Endpoint

11/3/2017
10:30 AM
Tony Gauda
Tony Gauda
Commentary
Connect Directly
Twitter
LinkedIn
RSS
E-Mail vvv
100%
0%

4 Ways the Next Generation of Security Is Changing

The CISO's job will get easier because of trends in the industry. Here's how.

Today, 66% of companies don't have enough cybersecurity personnel on staff, with that skills gap widening to a shortage of 1.8 million information security workers by 2022, predicts a new study from (ISC)2. With the number of data breaches also increasing at a record pace, something must change. Will it be automation technology, advanced tools, or more training? Regardless, the next generation of security will be staffed by less-experienced people empowered to do the jobs previously only experienced analysts could do — because it's necessary.

Here are the four ways I see the security analyst role, and the forces around it, evolving. For the CISO, it means your job is going to be a whole lot easier, too.

Security teams will become more diverse. The analyst position will evolve to diversify — and that’s a good thing. I believe that our thinking around the role of a security analyst hasn't been right. We have a talent gap, in part, because we have a narrow understanding of what a security professional needs to be. There are many elements that play into a security program, and it's not all about technical acumen. As an industry, we tend to get fixated on the latest ransomware or zero-day exploit, so it's easy to see why many assume you need extensive, technical skills to make meaningful contributions in the information security world.

However, the effectiveness of the vast majority of today's security teams has a lot more to do with getting basic security controls and best practices in place, and partnering effectively with the rest of the business. A security pro needs to collaborate with other departments, implement security training programs, manage third-party risk, put effective password policies in place, and more. These junior security analysts need to evolve to become better communicators and advocates — because today, many of the attacks on an organization are internal. Whether it's due to bad actors or just lack of education, a recent Verizon breach report found that more than 7% of users who receive phishing emails fall for them. This is preventable, and it's up to the security team to make that happen.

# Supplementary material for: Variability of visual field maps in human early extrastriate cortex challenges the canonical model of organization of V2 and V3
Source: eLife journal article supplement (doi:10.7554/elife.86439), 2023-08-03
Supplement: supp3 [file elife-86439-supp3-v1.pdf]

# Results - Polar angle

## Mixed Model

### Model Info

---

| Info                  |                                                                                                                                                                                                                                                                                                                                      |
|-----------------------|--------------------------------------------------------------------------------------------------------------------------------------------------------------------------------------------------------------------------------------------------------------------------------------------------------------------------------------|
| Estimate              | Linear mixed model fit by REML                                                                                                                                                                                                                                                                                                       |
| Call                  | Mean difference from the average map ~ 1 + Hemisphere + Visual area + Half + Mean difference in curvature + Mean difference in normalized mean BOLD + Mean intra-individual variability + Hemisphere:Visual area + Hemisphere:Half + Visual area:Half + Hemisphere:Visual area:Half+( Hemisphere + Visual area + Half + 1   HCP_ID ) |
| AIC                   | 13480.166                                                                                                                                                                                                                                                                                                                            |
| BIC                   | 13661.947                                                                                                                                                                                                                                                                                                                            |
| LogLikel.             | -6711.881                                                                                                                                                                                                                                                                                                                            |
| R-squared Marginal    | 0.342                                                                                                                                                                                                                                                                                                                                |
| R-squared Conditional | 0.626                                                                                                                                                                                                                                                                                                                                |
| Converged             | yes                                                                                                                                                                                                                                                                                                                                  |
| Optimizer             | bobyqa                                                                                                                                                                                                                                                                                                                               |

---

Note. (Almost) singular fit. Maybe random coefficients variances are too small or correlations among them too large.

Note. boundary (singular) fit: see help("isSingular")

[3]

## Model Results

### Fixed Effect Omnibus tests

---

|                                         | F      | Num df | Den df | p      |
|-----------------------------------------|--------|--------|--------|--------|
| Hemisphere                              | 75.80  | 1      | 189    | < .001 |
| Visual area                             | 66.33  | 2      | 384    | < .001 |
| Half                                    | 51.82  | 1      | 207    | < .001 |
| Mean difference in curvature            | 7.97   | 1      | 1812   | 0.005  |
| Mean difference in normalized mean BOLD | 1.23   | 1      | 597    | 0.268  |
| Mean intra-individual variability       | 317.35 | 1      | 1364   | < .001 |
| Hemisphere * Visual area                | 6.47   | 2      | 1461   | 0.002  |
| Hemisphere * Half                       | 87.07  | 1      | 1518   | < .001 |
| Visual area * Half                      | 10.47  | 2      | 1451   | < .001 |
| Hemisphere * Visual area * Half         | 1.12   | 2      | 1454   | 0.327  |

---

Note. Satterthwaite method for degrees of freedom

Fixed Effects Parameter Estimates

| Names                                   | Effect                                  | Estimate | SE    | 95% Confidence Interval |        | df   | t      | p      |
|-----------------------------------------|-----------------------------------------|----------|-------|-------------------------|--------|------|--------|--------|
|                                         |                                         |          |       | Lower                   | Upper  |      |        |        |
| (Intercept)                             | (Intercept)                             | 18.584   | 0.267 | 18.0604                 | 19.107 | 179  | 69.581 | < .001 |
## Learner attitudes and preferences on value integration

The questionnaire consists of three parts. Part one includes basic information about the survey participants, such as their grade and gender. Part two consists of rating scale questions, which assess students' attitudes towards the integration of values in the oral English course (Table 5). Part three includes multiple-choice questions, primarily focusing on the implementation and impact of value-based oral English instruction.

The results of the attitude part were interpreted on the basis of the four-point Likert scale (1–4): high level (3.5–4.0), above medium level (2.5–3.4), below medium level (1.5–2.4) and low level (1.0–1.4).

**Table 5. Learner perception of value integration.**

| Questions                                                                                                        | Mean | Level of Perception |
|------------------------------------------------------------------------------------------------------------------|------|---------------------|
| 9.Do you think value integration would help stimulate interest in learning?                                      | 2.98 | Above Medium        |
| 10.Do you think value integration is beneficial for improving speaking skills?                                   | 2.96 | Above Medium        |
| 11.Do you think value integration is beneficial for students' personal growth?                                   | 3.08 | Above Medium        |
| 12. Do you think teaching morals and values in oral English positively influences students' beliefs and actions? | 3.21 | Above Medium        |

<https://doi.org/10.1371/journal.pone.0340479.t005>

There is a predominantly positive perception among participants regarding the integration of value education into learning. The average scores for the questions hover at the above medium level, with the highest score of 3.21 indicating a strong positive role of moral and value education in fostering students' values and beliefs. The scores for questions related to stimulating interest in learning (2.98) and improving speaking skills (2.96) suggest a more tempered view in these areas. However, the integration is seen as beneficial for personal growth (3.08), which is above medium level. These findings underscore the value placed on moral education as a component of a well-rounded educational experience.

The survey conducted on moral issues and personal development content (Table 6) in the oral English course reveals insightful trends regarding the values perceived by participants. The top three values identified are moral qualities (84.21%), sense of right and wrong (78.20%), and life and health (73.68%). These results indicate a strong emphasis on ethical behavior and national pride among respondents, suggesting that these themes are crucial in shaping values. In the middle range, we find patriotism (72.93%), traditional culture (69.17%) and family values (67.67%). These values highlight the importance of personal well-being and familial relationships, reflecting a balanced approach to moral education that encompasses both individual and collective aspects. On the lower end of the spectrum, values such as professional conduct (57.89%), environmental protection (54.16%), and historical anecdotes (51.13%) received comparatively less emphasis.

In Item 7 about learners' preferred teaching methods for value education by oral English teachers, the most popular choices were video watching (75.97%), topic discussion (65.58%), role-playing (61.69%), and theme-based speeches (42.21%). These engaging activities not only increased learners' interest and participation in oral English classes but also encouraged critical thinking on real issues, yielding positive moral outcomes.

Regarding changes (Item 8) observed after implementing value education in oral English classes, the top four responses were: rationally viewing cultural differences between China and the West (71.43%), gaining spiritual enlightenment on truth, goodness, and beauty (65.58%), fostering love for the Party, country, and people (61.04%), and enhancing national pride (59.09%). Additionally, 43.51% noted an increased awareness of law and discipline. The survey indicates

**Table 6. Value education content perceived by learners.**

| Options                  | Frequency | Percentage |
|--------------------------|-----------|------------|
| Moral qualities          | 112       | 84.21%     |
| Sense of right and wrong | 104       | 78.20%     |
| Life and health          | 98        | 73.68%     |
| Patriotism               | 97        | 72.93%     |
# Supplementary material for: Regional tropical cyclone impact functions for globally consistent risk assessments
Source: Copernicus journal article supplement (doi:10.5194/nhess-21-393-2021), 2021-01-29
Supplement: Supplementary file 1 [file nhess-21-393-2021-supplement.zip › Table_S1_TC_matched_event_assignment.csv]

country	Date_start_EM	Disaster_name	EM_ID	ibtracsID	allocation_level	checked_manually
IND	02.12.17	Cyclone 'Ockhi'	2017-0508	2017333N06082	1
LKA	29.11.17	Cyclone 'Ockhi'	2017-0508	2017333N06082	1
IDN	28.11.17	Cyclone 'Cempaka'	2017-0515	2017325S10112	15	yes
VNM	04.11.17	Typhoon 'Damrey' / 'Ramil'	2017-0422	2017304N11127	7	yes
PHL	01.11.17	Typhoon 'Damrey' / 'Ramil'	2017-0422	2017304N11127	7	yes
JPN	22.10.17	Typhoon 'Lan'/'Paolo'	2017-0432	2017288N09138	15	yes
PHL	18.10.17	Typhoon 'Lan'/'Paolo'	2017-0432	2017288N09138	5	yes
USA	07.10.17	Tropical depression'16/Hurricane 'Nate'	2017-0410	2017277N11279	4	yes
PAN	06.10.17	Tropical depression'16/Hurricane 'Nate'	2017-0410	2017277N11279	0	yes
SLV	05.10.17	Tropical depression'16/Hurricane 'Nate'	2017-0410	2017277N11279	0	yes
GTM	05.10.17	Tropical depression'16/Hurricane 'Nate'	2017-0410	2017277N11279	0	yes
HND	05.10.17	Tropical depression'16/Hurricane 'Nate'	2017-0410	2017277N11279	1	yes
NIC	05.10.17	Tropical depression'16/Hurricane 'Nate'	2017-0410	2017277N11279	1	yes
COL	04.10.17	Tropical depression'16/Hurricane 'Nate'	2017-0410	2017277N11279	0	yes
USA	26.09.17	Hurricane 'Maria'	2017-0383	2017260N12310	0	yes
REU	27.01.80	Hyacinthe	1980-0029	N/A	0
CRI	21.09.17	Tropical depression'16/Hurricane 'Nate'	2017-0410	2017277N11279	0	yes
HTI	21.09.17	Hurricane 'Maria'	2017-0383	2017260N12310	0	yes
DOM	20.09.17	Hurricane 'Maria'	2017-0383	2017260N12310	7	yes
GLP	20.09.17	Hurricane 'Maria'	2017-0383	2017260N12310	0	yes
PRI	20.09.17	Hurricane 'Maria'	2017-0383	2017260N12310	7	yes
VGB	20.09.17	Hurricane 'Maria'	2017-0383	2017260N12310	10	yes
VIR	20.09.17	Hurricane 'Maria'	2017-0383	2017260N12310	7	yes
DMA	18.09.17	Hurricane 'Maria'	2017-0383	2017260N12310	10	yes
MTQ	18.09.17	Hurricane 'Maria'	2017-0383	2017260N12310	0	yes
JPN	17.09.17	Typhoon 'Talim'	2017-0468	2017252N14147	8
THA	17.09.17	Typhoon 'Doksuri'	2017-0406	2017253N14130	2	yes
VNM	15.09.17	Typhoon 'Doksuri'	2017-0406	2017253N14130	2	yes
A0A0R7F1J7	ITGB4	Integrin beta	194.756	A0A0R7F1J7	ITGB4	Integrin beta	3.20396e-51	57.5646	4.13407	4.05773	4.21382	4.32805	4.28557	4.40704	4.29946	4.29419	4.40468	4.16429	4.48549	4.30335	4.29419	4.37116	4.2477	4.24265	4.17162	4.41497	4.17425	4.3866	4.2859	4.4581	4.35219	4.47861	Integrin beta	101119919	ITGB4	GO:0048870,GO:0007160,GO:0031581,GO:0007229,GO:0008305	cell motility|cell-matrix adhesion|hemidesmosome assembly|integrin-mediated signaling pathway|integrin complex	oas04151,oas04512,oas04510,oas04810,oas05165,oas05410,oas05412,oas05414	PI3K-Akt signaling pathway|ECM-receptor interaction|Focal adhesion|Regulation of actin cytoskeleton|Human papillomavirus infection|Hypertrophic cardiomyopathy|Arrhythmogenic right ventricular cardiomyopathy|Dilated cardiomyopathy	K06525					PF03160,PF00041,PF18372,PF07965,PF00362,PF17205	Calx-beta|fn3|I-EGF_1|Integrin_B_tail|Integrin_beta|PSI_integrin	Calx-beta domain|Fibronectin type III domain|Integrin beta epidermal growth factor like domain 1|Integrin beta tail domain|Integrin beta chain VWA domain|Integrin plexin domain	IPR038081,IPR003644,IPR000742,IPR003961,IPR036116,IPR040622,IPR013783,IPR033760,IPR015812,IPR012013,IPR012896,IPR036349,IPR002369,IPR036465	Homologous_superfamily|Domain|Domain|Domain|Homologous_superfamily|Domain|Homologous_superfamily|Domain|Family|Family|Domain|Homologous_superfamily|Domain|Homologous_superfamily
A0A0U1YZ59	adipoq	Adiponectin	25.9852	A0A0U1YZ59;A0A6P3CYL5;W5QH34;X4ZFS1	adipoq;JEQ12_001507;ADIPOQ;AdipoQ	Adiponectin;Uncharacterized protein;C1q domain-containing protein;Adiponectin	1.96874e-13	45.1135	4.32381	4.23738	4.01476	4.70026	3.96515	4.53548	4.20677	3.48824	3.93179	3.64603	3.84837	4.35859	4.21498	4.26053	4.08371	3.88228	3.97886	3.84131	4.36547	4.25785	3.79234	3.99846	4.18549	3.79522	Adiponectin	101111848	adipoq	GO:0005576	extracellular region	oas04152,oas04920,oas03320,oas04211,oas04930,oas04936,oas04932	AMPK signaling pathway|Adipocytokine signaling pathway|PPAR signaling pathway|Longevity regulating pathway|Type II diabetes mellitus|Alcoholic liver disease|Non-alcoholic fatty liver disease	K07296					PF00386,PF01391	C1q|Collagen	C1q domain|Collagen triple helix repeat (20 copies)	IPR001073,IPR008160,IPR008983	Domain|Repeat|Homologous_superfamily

Security technology will become simpler. Today it's easy to become overwhelmed by information. Security professionals are tasked with more and more events around all possible nefarious activity. According to industry research, a mere 4% of alerts are investigated by security teams due to the massive amount of alert activity on the whole. There's no question that security analytics need to move toward simplicity — whether it's using more contextual alerting, "conversational English" nomenclature improving the user experience, or implementing machine-learning tools to intelligently sift through massive amounts of information. Alert fatigue needs to become a thing of the past for all analysts. I'm sure we're all tired of it by now.

Security strategies will centralize around data. There are two forces that demonstrate my point. First is the reality that breaking news on a weekly basis surrounds enormous data leaks — just recently, Equifax, Yahoo, the Securities and Exchange, and Sonic — and a stunning lack of clarity around the extent and scope of data that has been compromised in each case.